It was towards the end of the summer of 77 on 45th and 9th. The party was winding down and Autumn was falling upon the City. I was in the midst of finishing the first book of Ms. Mystic with Neal Adams and a Princess Projectra back-up story for the Legion with Paul Levitz. Mike Friedrich stopped by Continuity and networked the studio in preparation for the publishing of the 12th issue of Star*Reach. He came into the back room and invited me to participate by contributing the first color story in his above-ground comic book. Marv Wolfman called to ask If I'd like to pencil the John Carter Warlord of Mars series he was launching as an editor at Marvel. "We have a little time," he said, "so maybe, in the meantime, you'd like to come up with the character designs for the book". "Sounds great", I said.
The fall of the summer of 77 on 45th and 9th fell upon me like a boulder falls upon a gnat. I was 21 years old and beginning to awaken to the reality that the party of the summer was an exception and that a far more serious affair now awaited me in the road ahead. It was a time of solemn pondering and hard work. The project with Neal, the work with Paul and the invitations by Mike and Marv were indications that a certain measure of success had been achieved as a comic book artist, yet it all felt rather shallow considering that I'd lost the woman I loved and the daughter she gave me in pursuit of a career in the comics. The socio-political-economic conditions all about had driven me into a corner and were mocking me with the futility of the visions of grandeur I'd sported during the early times in New York, in pursuit of the comics creatorship. The sparks and glamour of life in the comics were beginning to fade and give way to a dark loneliness in a world which gave little hope for change.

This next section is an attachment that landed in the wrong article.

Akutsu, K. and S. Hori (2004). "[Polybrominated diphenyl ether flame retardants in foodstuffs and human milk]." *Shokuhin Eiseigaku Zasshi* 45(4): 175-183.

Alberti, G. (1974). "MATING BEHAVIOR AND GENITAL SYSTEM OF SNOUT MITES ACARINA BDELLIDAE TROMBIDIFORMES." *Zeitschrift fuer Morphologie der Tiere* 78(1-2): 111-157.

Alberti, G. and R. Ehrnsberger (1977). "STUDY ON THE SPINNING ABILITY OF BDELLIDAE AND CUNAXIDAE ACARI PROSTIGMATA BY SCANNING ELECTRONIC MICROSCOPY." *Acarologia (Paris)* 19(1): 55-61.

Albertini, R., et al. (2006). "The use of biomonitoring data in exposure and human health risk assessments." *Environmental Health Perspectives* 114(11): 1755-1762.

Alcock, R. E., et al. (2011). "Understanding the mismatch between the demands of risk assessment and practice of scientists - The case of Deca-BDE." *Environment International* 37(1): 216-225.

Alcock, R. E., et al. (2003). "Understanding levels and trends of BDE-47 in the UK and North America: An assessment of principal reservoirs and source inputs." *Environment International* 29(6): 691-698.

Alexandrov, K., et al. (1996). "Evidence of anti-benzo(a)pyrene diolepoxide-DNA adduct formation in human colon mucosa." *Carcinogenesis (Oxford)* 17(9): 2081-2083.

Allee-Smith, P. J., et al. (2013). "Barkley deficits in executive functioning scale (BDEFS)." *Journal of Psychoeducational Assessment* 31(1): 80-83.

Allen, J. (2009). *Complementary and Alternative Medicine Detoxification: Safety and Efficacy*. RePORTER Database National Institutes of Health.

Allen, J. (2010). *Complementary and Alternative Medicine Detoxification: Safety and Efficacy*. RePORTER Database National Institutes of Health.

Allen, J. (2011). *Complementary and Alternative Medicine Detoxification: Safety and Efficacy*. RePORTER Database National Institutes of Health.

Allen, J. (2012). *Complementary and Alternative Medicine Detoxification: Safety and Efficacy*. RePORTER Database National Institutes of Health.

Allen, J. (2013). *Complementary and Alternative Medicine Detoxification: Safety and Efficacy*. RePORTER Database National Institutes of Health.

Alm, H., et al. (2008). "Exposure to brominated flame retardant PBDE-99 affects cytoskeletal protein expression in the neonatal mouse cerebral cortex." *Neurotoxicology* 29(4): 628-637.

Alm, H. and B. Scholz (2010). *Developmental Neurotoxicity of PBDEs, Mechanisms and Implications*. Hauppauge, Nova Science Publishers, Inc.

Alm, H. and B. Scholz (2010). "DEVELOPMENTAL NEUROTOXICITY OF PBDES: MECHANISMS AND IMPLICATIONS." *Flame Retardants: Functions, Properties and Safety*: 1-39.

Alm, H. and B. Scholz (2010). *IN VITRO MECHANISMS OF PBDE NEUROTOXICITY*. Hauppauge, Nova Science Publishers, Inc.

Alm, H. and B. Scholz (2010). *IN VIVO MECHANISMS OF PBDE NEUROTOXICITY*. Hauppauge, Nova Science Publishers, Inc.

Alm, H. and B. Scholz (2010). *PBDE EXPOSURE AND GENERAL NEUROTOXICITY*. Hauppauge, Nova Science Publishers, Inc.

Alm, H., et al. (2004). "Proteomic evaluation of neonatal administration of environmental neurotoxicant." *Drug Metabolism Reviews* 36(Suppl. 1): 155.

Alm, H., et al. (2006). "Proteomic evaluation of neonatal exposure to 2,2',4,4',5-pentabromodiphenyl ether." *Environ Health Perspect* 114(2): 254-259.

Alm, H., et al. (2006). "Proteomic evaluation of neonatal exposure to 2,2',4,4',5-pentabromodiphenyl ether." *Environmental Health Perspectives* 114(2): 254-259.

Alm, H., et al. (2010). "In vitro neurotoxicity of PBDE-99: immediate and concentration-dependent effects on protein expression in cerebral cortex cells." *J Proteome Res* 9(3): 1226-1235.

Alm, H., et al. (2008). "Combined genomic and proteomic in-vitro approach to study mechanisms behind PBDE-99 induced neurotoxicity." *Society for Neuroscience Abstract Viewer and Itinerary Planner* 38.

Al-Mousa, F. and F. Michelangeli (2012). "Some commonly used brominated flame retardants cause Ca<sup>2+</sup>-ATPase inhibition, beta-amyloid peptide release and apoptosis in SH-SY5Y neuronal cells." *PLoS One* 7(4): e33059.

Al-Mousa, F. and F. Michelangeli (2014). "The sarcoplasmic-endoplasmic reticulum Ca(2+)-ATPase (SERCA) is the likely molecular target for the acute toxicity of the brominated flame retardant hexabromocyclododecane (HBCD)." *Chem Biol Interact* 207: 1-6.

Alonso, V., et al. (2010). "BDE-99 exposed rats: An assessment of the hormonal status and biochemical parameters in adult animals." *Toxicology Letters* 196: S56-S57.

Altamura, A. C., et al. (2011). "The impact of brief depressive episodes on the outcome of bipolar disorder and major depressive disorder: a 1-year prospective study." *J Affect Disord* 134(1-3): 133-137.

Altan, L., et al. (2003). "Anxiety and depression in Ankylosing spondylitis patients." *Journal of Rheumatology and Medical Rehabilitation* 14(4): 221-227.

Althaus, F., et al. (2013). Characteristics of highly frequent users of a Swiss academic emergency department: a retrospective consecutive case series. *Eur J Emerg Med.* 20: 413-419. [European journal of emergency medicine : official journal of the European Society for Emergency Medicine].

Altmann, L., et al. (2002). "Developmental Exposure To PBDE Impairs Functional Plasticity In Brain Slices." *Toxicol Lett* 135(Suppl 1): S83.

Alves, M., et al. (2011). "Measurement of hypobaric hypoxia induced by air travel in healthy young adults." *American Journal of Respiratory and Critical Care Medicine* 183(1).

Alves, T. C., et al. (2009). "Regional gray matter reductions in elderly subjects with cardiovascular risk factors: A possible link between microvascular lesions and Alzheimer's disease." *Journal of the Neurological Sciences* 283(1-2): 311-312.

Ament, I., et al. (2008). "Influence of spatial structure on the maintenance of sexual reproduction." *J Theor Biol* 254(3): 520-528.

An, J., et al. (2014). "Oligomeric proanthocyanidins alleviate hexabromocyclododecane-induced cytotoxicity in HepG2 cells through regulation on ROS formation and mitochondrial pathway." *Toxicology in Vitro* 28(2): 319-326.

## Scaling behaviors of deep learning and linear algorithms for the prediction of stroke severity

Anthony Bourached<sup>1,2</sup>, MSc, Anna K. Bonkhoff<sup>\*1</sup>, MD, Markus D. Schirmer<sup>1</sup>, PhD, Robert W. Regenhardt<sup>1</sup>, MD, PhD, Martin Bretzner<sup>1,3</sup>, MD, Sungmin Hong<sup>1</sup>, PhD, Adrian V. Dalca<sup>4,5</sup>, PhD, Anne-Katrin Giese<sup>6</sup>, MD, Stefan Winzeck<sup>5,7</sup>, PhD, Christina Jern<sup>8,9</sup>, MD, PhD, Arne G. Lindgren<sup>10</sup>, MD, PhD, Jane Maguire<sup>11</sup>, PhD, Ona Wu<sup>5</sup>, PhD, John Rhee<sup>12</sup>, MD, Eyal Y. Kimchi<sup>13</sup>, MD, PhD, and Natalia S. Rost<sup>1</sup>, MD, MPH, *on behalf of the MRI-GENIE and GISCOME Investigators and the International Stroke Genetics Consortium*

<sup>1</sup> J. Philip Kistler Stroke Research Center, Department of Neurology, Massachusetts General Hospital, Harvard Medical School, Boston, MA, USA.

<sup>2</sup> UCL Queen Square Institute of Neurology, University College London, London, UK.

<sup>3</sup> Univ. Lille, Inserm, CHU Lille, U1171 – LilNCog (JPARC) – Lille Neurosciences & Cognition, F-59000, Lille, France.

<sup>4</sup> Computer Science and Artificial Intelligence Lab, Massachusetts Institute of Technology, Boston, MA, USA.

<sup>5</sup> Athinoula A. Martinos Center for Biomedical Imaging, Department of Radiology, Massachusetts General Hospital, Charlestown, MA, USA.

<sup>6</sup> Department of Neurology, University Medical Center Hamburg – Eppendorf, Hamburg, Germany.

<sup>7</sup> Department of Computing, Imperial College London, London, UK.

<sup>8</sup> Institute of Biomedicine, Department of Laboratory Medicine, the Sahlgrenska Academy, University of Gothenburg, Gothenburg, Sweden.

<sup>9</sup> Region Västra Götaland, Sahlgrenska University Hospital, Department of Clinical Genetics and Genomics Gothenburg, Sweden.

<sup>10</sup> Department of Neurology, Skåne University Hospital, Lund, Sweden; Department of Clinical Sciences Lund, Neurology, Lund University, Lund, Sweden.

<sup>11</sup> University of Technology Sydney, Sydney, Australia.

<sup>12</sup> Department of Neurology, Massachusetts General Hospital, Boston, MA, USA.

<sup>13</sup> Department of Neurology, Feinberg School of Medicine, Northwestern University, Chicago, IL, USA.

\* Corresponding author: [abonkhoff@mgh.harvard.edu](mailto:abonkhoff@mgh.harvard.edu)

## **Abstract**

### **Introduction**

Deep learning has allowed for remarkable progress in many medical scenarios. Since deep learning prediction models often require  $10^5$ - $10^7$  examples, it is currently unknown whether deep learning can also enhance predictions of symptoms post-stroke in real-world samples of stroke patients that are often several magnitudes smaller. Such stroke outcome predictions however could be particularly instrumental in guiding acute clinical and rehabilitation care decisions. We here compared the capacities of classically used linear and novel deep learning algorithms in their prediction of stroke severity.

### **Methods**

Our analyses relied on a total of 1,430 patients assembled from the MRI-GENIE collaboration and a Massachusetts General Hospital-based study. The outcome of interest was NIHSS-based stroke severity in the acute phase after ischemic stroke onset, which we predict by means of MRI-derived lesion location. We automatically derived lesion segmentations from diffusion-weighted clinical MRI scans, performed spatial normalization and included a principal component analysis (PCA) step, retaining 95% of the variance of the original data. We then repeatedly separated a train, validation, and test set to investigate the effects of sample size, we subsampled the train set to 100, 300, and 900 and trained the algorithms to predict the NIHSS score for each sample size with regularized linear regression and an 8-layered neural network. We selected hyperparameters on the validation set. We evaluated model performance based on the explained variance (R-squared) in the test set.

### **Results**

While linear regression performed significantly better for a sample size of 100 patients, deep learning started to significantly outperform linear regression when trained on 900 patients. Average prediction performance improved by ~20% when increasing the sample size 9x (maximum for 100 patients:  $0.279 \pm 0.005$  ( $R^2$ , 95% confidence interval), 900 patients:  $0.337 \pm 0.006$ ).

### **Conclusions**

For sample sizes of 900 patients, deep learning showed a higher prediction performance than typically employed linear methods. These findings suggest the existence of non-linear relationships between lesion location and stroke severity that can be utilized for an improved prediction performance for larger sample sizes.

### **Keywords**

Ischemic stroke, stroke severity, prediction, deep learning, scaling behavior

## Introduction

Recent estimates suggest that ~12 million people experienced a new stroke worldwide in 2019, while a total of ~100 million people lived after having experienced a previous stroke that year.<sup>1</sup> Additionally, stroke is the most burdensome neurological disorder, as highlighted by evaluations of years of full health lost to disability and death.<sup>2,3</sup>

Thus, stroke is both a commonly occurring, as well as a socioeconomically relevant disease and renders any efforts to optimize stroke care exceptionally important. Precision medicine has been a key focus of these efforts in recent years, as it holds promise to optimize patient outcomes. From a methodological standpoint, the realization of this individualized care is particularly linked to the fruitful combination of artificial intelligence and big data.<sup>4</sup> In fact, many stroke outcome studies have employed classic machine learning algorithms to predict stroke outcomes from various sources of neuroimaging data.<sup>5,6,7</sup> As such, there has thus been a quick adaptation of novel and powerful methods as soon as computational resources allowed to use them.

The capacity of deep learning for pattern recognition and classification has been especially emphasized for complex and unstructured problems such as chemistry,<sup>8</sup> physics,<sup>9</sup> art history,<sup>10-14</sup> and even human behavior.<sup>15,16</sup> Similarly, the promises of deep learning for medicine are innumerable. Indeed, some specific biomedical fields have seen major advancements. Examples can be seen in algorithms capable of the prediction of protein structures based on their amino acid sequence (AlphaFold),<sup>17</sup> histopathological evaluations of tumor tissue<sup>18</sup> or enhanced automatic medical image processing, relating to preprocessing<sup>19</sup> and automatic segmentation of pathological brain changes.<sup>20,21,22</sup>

As the month of November rolled around I knew I'd arrived at the end of this segment of my life and career. The only question was where to go from here. My friends and colleagues all noticed a change in my demeanor. Howard Chaykin commented several times on how quiet I'd become. I kept it all within and sought to find the answer there. The artwork continued to flow with progressing tenacity, elevating to new heights and eliciting reserved wonderment from my colleagues. Jim Starlin said I was too good for the comics. Neal appeared very happy with the pencils for the first issue of Ms Mystic and Paul was very enthused with the work for the Legion. Marv Wolfman expressed a reserved delight with the character designs I'd showed him for the Edgar Rice Burroughs' John Carter: Warlord of Mars comics adaptation for Marvel.
But my mind wasn't really on Mars at all any more, no it was far far beyond. The sirens of Titan were beginning to ring within me and beckon me to leave it all behind and to seek their soothing serenade. The sirens of Titan were raising me from the ashes of futility and despair and beginning to fill me with the wonderment of the grand and glorious events they conspired to bring to the world stage of events on the late great planet Earths' all but doomed prognosis for the future. The sirens of Titan were beckoning me to stand tall at childhood's end as the stranger in a strange land who'd dare reach for the proverbial sceptre of leadership for a new age - and with it, help raise my fellow comic book creators - and the comics - to their hopeful and rightful place as the bringers of a bright new world.
It would mean the end of the party of the summer of 77 on 45th and 9th. I could live with it all. Neal would understand and yes, he'd even encourage, support and in his own way, lend a hand to bringing it all about. Many of my friends would remain in dismay for a long time to come, but it was a small price to pay for such a hope. Alan would remain the one friend who'd not desert. Paul would appear to disassociate himself slowly, he was heading for the corporate jungles, after all - no place for such vision. I perhaps garnered some remorse at not producing the art for the Warlord of Mars series. Marv appeared to have rather great expectations of our working together. Telling him that I shall not be doing it was a precarious notion, to say the least.
On the morning of November 19th, 1977, I made the rounds to everyone I was committed to produce work for and informed them that I will not be doing it. I saved Marv Wolfman for last. With heaviness of heart, I told him that it cannot be, at this time. I hoped for best but was prepared to be pressured to explain or to reverse my decision.
"Its alright, Mike." He said. "Thanks for letting me know in time."
Marv Wolfman. A new addition to Portraits of the Creators Sketchbook.